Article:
In the present study, the development of a continuous Protein A chromatography process step using KANEKA KanCapA for the capture of a therapeutic mAb is described. The method was developed initially in a batch mode and then transferred to the Cadence BioSMB PD system. This five column process was then successfully scaled-up 150-fold using the Cadence BioSMB Process system. The entire process development and scale-up was completed within four weeks and described in detail along with the process economic benefits of using multi-column chromatography.
Continuous Bioprocessing Solutions: An Update on Significant Enabling Technology Advances – March 7, 2017
While continuous processing has been applied for several decades, the highly regulated biopharm industry has just started to embrace this approach. The team at Pall Life Sciences has leveraged an industry-leading single-use portfolio to deliver innovative continuous bioprocessing solutions to the market. Join our team as they detail the development journey, and highlight critical advances to date.
“Cellectis has won U.S. regulatory approval to run an early clinical trial using its gene edited cell therapy product UCART123 for blood cancers, boosting the French biotech firm’s ambitions in the hot area of cancer research...”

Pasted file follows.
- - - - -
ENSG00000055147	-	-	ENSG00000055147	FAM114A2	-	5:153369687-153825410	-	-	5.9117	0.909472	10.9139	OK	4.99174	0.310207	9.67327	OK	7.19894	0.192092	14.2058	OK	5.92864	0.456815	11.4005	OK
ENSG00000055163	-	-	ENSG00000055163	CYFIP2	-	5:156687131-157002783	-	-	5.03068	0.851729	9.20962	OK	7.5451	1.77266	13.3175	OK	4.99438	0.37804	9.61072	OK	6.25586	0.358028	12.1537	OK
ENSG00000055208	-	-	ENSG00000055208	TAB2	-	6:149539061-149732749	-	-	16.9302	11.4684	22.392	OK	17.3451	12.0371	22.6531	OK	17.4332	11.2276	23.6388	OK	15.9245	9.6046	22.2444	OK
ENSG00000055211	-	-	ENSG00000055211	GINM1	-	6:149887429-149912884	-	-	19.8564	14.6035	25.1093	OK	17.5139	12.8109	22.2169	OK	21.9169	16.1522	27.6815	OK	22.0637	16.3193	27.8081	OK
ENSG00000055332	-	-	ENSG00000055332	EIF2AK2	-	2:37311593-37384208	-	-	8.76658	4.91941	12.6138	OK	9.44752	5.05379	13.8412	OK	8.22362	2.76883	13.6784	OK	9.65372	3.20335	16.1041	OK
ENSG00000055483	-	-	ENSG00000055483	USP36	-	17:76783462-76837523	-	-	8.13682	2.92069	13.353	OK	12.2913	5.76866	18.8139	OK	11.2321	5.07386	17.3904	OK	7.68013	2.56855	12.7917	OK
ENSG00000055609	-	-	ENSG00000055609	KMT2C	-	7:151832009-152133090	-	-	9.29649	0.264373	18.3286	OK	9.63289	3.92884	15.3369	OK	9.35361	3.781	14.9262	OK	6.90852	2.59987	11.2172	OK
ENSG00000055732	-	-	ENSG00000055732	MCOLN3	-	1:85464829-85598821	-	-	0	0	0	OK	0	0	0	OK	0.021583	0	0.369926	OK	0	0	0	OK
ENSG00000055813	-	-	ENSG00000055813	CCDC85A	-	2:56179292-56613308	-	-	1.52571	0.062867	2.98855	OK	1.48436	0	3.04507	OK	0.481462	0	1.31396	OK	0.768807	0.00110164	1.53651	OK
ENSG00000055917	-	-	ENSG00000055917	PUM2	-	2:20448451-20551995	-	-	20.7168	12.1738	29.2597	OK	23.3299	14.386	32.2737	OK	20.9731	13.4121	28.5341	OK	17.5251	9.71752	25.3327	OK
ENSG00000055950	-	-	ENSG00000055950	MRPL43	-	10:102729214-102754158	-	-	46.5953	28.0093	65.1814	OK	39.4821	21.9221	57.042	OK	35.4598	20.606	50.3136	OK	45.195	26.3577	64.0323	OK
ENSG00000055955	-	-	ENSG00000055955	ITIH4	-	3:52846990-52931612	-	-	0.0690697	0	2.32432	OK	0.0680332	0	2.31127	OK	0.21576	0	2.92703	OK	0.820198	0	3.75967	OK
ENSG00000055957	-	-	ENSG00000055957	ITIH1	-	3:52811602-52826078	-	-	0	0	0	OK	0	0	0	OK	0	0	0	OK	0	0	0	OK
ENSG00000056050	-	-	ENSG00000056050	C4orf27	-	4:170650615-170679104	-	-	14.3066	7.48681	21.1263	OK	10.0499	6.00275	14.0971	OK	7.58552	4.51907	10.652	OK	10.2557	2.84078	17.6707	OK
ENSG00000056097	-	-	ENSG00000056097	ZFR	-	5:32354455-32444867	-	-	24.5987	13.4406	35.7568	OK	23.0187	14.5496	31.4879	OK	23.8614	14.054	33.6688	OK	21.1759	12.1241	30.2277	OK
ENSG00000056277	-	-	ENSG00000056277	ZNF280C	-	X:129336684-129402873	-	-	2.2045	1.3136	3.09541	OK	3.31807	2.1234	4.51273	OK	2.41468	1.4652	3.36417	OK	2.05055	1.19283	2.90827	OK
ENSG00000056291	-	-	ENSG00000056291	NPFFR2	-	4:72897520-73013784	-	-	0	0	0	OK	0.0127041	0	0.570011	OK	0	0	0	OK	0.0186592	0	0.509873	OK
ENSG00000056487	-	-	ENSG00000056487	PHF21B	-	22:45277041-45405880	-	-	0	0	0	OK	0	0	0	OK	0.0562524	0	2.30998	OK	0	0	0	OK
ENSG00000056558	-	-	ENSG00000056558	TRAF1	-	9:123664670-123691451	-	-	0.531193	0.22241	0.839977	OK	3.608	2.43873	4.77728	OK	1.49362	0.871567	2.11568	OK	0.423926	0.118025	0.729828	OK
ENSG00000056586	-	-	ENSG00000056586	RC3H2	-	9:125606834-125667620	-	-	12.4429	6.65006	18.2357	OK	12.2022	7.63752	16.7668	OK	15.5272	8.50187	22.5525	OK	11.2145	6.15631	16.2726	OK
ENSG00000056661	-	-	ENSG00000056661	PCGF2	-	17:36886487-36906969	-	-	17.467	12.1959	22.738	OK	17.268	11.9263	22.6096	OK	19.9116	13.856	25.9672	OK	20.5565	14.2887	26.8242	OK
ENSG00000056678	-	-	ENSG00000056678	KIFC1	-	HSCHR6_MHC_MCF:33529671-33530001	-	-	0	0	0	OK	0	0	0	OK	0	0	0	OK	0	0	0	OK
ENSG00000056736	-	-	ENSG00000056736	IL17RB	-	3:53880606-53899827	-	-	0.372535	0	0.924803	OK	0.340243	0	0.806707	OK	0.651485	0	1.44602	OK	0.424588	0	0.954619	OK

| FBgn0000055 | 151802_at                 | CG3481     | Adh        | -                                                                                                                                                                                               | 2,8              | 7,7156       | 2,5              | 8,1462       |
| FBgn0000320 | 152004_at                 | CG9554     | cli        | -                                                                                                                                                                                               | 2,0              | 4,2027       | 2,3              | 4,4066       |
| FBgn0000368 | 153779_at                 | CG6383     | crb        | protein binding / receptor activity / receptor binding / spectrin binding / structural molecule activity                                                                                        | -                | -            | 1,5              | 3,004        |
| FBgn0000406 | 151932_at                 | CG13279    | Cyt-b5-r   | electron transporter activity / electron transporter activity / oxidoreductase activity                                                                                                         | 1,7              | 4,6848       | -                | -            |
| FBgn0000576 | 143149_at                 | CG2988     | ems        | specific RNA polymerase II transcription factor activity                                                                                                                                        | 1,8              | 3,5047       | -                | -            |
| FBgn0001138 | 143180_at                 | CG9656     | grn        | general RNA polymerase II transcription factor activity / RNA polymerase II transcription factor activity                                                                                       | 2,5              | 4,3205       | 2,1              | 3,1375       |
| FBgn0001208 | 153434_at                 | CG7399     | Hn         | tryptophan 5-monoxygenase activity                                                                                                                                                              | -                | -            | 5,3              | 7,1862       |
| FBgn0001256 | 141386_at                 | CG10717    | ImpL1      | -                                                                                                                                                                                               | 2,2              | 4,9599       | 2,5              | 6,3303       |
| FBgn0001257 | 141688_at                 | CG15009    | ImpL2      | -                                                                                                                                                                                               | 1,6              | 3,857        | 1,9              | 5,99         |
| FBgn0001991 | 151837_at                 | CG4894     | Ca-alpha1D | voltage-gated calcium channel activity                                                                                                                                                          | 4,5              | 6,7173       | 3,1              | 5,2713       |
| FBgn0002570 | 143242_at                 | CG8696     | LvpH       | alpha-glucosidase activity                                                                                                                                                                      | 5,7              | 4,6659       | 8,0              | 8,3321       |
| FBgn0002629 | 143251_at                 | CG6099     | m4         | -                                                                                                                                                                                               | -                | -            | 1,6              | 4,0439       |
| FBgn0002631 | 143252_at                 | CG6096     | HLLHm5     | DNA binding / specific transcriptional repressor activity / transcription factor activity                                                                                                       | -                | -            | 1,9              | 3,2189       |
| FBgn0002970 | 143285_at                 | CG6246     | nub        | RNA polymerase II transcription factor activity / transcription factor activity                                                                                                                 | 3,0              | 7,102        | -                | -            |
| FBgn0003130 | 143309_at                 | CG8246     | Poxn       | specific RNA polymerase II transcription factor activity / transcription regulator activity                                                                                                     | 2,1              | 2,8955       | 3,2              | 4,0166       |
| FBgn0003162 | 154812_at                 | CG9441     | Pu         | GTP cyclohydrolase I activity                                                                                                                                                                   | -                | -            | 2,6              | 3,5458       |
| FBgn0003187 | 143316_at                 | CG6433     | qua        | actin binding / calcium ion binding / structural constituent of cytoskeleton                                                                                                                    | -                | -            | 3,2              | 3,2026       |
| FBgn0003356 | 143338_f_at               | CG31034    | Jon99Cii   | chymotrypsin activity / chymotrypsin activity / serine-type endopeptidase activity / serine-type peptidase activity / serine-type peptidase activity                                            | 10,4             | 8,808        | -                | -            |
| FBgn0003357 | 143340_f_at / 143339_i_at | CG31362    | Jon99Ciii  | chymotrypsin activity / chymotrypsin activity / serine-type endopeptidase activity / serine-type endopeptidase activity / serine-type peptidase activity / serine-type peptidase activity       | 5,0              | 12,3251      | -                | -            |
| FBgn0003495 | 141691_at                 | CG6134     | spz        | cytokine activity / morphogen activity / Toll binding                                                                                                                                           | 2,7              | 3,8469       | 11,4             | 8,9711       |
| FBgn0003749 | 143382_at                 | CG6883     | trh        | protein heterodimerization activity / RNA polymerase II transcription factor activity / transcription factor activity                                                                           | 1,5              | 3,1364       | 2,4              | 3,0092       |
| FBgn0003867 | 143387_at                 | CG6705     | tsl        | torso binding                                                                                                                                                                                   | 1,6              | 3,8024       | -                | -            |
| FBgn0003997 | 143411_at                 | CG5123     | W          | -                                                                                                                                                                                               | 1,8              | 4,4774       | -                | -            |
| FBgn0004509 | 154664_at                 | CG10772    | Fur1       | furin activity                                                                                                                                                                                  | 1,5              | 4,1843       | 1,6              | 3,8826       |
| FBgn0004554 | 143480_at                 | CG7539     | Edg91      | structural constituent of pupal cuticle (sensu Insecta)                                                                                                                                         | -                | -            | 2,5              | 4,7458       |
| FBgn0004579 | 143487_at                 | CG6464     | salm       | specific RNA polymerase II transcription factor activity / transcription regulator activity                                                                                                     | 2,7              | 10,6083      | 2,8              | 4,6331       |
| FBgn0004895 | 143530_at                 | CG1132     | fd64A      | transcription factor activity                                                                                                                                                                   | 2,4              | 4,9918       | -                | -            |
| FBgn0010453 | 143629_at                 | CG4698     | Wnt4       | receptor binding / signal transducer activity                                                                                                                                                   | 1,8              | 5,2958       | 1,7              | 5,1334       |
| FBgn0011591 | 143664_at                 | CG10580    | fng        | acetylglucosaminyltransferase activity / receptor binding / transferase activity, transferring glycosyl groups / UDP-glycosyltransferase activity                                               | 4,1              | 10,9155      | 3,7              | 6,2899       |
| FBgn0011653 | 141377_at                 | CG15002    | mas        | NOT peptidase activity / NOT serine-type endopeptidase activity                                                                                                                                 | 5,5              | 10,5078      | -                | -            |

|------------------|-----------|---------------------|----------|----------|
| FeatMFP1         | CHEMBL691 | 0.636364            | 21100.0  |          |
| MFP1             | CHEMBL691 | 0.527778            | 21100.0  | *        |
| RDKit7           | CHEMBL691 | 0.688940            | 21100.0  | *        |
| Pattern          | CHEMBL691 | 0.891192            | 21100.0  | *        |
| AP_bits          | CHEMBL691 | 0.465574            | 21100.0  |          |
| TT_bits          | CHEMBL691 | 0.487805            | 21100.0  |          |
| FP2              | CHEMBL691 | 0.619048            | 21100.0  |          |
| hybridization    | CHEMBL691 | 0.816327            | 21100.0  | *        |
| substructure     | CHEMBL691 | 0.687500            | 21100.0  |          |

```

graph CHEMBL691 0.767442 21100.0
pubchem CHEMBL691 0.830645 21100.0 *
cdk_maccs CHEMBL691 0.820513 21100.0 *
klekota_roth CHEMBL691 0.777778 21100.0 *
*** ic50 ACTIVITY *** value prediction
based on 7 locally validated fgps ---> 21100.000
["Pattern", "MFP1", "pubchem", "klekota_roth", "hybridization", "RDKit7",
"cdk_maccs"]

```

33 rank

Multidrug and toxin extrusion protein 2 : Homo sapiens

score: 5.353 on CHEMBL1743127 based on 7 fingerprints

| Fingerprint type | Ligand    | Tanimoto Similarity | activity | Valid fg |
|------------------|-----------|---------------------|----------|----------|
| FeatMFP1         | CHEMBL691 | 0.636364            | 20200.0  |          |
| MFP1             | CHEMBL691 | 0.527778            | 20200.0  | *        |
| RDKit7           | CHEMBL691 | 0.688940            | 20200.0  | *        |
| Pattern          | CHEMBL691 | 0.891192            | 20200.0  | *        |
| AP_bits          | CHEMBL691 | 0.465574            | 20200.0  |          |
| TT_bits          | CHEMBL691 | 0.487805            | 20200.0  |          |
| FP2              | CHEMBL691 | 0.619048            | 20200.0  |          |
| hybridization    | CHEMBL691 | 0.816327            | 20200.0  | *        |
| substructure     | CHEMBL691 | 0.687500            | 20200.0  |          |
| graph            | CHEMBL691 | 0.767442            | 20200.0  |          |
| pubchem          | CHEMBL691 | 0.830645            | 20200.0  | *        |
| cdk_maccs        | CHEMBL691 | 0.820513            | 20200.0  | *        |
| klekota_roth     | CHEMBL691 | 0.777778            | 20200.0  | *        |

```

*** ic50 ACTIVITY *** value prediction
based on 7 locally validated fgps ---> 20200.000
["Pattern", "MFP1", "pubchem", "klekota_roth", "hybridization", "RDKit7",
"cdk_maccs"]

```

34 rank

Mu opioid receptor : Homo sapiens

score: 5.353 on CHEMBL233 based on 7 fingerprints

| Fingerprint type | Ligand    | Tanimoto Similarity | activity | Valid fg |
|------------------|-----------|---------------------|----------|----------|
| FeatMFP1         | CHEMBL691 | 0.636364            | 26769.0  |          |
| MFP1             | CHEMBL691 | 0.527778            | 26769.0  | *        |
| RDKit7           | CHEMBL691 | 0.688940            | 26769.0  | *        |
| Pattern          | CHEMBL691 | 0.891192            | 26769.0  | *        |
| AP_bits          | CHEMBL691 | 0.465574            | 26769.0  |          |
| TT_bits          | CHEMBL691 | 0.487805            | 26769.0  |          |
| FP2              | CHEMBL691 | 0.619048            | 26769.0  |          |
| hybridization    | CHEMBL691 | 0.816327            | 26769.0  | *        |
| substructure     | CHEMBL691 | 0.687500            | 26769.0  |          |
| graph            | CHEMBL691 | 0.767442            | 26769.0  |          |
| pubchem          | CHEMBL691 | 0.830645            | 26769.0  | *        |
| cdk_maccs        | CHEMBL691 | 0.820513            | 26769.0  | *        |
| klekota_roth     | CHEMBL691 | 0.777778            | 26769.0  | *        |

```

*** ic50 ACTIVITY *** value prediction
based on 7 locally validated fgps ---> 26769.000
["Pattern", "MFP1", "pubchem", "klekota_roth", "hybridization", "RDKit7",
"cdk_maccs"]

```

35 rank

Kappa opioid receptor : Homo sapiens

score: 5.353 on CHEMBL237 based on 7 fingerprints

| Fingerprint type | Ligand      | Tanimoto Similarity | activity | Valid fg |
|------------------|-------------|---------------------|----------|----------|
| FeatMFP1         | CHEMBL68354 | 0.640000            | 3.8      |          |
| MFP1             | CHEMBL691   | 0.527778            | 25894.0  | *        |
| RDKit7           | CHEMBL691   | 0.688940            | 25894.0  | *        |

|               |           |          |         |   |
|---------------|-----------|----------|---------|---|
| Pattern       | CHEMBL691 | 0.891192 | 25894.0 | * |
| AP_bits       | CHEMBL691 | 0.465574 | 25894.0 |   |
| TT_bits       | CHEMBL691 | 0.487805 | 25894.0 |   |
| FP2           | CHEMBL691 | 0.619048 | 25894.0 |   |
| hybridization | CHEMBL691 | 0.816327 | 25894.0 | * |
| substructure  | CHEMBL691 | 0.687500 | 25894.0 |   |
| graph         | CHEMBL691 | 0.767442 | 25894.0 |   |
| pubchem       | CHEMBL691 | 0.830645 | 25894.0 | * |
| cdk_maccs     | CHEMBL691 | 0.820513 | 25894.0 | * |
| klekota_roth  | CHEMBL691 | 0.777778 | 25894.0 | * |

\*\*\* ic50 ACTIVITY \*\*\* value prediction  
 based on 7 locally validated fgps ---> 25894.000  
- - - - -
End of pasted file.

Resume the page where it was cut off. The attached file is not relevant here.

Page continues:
“Prexton Therapeutics has raised €29 million ($31 million) to take its Parkinson’s disease candidate through two phase 2 trials. The Series B positions the Merck Serono spinout to build on last year’s phase 1 success by testing the mGluR4 positive allosteric modulator in larger efficacy studies…”
“Regenerative medicine company BioTime expanded its ophthalmology portfolio through the acquisition of global rights to the University of Pittsburgh Medical Center’s (UPMC) stem cell-derived retinal repair platform IP. The cell therapy technology, developed in partnership with BioTime, generates 3-D retinal tissue from human pluripotent stem cells for use as implants to repair retinas in patients with advanced retinal degradation. The licensing deal has been made through UPMC’s Innovation Institute…”
“It’s looking as if 2017 could become the year when the anti-vaccination movement gains ascendancy in the United States and we begin to see a reversal of several decades in steady public health gains. The first blow will be measles outbreaks in America…”
“The U.S. Food and Drug Administration on Thursday expanded the use of Bristol-Myers Squibb Co’s Opdivo to include treatment of urothelial carcinoma, the most common type of bladder cancer…”
“Thirteen UC Berkeley faculty members have been awarded up to $1.5 million in grants each by the Chan Zuckerberg Biohub to carry out biomedical research. CZ Biohub — founded in September 2016 with an investment from Facebook founder and CEO Mark Zuckerberg and his wife, pediatrician Priscilla Chan — is a nonprofit medical research organization dedicated to encouraging and funding research related to finding cures for diseases. The 13 campus faculty are part of a group of 47 investigators chosen by CZ Biohub, who come from Stanford University, UC San Francisco and UC Berkeley, the organization’s partners.”